Not applicable
Please, please please rethink your decision to do away with preboarding for families with children! If you read the entire comments section, as I am sure you do, you have many loyal customers who have made many excellent points about why you should keep it. I think overall the new boarding sounds great, or at least worth a try. I will try boarding with my 2 kids under 5 the new way, too, but if it's as bad as I think it might be I will look for another airline. I would spend some more money to have the convenience of assigned seating if I cannot preboard with small children. I love Southwest, I just think it's a really really bad idea to do away with preboarding for families. Do you have any idea how difficult it is when you are a single adult trying to get 2 small children on a plane and settled into their seats, even when they are well-behaved? And both those seats are paid for: my children are too old to fly free! And there are some real concerns about not getting seats together for you and your kids. I would like to think that many people would move their seat so that a mother could sit with her two children, but if you have ever ridden a bus in a major city, you know that this doesn't happen sometimes, and trying to jockey for this seems like it would hold up boarding a lot more than just letting the people with kids pre-board. The most I have ever seen are about 9 familes with kids preboard on one flight, and that was on Thanksgiving Day. They are never more than 15% of the total passengers, so why do away with the pre-boarding if it's going to make so many of your customer's upset? Southwest is great and does have a long-standing tradition of responding to thier customer's wants and needs. Please take these many comments to heart and re-think your decision to discontinue the preboarding for familes with small children.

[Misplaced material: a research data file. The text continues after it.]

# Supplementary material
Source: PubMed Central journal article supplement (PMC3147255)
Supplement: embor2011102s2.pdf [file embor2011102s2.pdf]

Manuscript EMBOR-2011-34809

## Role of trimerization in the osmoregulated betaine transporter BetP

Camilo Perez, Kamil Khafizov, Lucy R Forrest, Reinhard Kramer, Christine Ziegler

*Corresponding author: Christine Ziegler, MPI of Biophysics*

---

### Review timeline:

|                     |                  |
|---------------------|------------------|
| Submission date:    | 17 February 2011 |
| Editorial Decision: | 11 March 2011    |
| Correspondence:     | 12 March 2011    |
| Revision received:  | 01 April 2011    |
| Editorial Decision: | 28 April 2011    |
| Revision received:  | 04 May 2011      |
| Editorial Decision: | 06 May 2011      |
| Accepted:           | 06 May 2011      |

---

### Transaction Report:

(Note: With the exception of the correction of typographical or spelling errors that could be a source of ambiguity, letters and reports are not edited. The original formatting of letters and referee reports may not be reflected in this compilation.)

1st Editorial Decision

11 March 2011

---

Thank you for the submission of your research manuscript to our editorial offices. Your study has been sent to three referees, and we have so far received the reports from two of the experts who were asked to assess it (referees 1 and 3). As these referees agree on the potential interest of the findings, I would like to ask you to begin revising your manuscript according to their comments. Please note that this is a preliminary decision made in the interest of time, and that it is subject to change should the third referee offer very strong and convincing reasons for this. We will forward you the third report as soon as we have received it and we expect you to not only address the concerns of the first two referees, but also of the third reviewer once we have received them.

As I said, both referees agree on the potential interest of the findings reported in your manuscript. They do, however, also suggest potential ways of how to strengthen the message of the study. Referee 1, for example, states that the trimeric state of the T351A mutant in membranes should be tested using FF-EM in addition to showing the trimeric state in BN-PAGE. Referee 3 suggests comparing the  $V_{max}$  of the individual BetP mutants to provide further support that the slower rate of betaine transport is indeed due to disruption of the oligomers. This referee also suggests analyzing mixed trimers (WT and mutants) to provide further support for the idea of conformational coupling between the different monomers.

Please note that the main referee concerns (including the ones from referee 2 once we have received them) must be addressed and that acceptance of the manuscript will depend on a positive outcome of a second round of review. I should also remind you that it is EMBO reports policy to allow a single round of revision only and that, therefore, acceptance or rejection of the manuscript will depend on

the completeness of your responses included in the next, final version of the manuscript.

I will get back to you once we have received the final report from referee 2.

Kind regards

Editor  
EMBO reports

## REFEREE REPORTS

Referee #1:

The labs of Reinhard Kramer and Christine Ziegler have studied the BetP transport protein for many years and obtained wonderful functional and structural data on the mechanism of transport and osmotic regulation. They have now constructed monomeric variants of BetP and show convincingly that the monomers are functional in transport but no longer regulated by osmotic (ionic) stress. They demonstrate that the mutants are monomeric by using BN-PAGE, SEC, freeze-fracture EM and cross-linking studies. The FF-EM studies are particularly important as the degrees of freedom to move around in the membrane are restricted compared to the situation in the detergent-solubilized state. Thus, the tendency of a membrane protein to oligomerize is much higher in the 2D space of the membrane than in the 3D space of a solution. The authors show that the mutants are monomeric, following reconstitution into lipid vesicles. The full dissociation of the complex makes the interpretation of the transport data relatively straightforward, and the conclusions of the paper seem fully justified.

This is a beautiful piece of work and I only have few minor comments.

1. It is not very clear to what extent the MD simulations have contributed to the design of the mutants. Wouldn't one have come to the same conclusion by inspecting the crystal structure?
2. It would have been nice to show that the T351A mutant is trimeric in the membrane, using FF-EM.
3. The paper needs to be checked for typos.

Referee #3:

Not applicable
While I agree that eliminating the "cattle call" is welcome, I am VERY disappointed that Southwest is doing away with preboarding for families with young children. I think this is just another example of how our culture is becoming increasingly child-unfriendly. I do believe this will be a short-lived policy, however--it will undoubtedly frustrate both parents and those stuck behind them when parents are trying to hustle toddlers, car seats, and--carry ons down the aisle. I too will be seeking another, more child-friendly airline unless this policy changes.
Not applicable
EXTREMELY DISAPPOINTED TO HEAR OF SOUTHWEST'S PLANS TO DO AWAY WITH FAMILY BOARDING. I HAVE TOUTED THIS PREVIOUSLY TO OTHER PARENTS. IT'S STRESSFUL TRAVELING WITH CHILDREN- TRYING TO KEEP THEM CALM FOR THE BENEFIT OF OTHER PASSENGERS. FAMILY BOARDING DOES HELP EASE THE STRESS. WITHOUT FAMILY BOARDING, WILL HAVE TO PATRONIZE THE OTHER AIRLINES.